Some goods or services that are categorised as club goods may be contentious. For instance, according to the table fire protection is a club good - it is non-rival and excludable. Provided there aren't large numbers of fires, if the fire service attends one fire, that doesn't reduce the fire protection available to everyone else... So, fire protection is non-rival. Is fire protection excludable? In theory, yes. People can be prevented from benefiting from fire protection. Say there was some sort of fire service levy, and the fire service decided to only respond to fires at homes or businesses that were fully paid up.
Although my earlier post made the case that firefighting could be a club good, public firefighting is usually a public good - a good that is non-rival (one person’s use of the good doesn't diminish the amount of the good that is available for other peoples' use) and non-excludable (a person can't be prevented from using or benefiting from the service). However, now it turns out that some fire protection may be a private good - a good that is rival and excludable. According to this article from the AFP:
Kris Brandini and his crew had just returned from four intense, non-stop days battling fires in western Los Angeles.
They dashed to the neighborhood where wealthy residents like Arnold Schwarzenegger were fleeing their homes, then to the inferno that threatened the Ronald Reagan Presidential Library, then back again.
But unlike state firefighters, Brandini was not concerned with protecting most of the exclusive residences lining these valleys.
He and his team are private firefighters.
"I only protect the houses that are on my list," he told AFP. "I don't just go there randomly -- that's the difference between me and the state firefighters.
"They go out and protect every house. I protect the houses that are actually enrolled in the program."
If private firefighters will only protect houses that "are actually enrolled in the program", then that makes private fire protection an excludable good. Of course, private firefighting is excludable on the basis of price - not everyone can afford to pay for their own private firefighters. It's not time to do away with public firefighters just yet, because I don't think we would be willing as a society to price some people out of the market for receiving fire protection.

Unlike public firefighting, private firefighting is also a rival good, since there are only a limited number of houses that a private firefighter can protect (so, if they are protection House A, they may not have enough time or resources to also protect House B). However, in the case of large wildfires like those in the AFP article, even public firefighting becomes a rival good, since public firefighters also can't be in more than one place at a time. A good that is non-excludable but rival is a common resource.

That makes firefighting an interesting case study for my ECONS102 class - it is a good that can be characterised as all four classes of good - private good, public good, common resource, or club good - depending on the circumstances.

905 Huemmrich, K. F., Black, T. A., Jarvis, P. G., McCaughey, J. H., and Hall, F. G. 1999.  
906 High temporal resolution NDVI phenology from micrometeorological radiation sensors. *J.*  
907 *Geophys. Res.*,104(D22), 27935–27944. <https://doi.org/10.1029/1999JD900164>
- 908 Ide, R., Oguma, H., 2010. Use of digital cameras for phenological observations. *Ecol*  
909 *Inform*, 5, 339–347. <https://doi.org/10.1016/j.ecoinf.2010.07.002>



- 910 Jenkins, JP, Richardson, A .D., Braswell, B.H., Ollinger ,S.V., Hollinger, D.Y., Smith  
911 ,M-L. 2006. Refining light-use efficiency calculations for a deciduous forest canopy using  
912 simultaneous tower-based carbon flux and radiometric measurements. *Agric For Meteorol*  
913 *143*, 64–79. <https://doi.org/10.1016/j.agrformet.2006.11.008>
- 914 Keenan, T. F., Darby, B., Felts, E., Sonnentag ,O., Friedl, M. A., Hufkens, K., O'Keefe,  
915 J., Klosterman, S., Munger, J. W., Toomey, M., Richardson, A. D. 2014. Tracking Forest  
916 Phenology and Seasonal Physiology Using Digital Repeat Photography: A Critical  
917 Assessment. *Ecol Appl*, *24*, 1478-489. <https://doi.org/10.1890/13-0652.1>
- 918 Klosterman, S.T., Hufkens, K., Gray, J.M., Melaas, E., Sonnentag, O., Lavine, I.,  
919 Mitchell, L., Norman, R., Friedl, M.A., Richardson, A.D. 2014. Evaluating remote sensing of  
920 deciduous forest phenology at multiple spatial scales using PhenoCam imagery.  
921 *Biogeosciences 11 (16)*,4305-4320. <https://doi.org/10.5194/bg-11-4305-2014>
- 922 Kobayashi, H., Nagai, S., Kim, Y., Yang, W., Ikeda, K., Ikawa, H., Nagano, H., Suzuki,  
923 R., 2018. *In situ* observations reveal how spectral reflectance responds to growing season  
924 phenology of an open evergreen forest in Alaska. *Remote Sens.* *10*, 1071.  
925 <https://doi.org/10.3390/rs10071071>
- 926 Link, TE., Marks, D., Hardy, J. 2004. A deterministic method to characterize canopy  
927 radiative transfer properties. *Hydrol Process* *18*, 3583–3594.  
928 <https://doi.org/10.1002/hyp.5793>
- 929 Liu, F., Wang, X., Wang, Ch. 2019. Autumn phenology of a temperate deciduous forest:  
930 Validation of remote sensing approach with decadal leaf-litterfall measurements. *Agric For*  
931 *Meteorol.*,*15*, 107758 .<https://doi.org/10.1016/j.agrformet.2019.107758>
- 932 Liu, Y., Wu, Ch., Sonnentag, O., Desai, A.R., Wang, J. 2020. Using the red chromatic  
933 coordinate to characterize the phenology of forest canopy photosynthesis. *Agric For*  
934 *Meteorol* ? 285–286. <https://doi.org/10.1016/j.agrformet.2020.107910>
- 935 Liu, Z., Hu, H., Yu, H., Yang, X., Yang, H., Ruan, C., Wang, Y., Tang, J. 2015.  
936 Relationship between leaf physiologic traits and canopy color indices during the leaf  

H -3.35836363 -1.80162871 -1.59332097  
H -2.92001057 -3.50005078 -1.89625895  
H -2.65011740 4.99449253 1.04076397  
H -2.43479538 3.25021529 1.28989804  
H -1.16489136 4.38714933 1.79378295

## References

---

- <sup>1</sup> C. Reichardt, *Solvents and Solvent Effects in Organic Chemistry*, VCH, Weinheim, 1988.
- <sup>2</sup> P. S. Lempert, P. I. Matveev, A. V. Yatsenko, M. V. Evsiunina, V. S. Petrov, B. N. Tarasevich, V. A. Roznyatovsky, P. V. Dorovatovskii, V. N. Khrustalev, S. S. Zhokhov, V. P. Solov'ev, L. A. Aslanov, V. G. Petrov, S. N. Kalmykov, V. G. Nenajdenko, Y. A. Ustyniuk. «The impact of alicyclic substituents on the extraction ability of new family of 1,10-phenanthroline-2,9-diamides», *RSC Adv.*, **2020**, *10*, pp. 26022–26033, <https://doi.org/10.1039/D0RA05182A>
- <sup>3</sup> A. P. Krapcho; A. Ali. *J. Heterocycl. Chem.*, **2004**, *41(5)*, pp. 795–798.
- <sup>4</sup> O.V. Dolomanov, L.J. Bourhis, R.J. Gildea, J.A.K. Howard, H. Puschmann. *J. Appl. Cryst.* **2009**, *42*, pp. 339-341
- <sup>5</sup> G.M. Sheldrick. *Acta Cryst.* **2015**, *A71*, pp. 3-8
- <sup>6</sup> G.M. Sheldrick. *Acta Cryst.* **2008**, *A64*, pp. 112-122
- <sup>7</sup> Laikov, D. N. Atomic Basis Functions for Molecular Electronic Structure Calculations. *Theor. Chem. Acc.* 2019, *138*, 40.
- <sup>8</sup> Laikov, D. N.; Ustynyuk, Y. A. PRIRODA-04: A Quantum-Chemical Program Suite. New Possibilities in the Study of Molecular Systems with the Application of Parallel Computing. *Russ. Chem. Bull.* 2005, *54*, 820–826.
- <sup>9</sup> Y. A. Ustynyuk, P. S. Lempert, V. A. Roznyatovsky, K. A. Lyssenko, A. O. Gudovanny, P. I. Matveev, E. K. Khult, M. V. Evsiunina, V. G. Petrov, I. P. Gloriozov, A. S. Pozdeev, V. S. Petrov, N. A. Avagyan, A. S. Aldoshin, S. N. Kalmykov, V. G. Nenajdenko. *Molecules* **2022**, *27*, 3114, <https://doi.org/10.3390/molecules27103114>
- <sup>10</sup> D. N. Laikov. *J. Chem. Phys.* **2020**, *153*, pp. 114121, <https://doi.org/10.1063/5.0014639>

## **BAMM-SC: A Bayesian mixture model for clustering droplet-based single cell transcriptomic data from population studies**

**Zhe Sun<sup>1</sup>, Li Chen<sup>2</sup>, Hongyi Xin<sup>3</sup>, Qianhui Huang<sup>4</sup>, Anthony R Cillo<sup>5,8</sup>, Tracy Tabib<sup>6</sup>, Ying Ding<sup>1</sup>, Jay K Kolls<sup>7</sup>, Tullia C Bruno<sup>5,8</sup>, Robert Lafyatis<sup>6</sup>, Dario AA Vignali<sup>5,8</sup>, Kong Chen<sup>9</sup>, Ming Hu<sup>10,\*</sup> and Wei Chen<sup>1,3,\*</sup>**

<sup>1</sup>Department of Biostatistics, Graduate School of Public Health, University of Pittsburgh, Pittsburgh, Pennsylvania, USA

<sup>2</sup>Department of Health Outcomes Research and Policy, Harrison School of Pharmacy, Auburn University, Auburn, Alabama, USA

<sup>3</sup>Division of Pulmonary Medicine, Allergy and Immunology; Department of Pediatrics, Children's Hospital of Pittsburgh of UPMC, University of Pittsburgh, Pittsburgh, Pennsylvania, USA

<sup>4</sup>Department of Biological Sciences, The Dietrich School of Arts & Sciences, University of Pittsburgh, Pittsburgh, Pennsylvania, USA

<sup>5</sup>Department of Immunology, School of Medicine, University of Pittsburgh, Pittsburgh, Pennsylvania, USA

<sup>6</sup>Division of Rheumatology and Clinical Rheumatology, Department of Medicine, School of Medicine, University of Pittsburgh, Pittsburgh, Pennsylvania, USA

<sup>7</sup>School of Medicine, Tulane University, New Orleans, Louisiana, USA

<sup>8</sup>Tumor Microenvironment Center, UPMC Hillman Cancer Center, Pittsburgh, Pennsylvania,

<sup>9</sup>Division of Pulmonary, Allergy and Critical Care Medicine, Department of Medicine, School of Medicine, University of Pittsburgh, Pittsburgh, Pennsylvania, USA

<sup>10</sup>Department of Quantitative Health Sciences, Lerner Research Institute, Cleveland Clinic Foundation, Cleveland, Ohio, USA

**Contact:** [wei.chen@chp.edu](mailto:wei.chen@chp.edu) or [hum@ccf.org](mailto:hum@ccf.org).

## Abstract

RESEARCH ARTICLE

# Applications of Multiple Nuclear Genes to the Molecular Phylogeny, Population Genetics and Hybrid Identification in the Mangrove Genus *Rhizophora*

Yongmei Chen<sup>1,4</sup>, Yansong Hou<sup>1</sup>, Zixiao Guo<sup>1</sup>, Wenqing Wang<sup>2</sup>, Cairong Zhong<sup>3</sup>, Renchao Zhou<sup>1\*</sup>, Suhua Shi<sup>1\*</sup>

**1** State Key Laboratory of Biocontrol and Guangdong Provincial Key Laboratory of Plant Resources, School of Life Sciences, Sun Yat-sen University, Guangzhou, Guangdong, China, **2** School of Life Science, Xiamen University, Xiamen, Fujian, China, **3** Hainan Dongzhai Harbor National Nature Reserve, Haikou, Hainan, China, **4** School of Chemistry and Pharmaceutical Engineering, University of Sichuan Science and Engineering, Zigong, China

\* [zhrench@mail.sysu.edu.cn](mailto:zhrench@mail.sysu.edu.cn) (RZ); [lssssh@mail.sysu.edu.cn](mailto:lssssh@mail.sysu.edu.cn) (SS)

[HT: Marginal Revolution]

Thursday, 31 October 2019

You won't find meth labs in places where you're not looking for them

I just read this 2018 article by Ashley Howell, David Newcombe, and Daniel Exeter (all University of Auckland), published in the journal Policing (gated, but there is a summary of some of it here). The authors report on the locations of clandestine methamphetamine labs in New Zealand, based on data from police seizures between 2004 and 2009.

It's an interesting dataset and paper, and they report that:
In the unadjusted spatial scan, there were five locations in the study area with significantly high clandestine methamphetamine laboratory rates (Fig. 2). The ‘most likely’ cluster, centred in Helensville (north-west of Auckland), had a RR of 4.14 with 59 observed CLRT incidents compared to 15.1 expected incidents. A similarly high cluster (RR = 4.09, P = 0.000) was found in the Far North TA.
In other words, there were four times as many lab seizures in Helensville and the Far North than would be expected, if lab seizures were randomly distributed everywhere. The other locations were Hamilton, West Auckland, Central Auckland, and there was a sixth cluster centred on Papakura in some of their analyses. This bit also caught my eye (emphasis mine):
In addition, 26 laboratories (2%) were found at storage units, 21 (2%) discovered in motel or hotel rooms, and another 27 were abandoned in public areas, including cemeteries, parks, roadsides to school yard dumpsters and even the parking lot of a police station.
I wonder how much effort it took for police to find that last one? The paper gives some insights into where the most meth labs have been seized by police. However, we should be cautious about over-interpreting the results, because by definition, you can only seize labs in locations where you are looking for them. So, if police are more diligent or exert more effort in searching for meth labs in Hamilton or the Far North, we would expect to see more lab seizures there, even if there were actually fewer labs than in other locations.

To be fair, the authors are aware of this, and in the Discussion section they note that:
Reports of clandestine laboratory seizures may also be prone to subjectivity. There is no way to be certain that CLRT incident density is not a symptom of a greater police presence or different policing priorities.
However, that doesn't stop them from noting in the abstract that:
Identifying territorial authorities with more clandestine laboratories than expected may facilitate community policing and public health interventions.
It is true that identifying areas with more meth labs than expected would give information about resource allocation. The problem is that this paper doesn't tell us where meth labs are, it only tells us where police have found them.

[HT: The inimitable Bill Cochrane]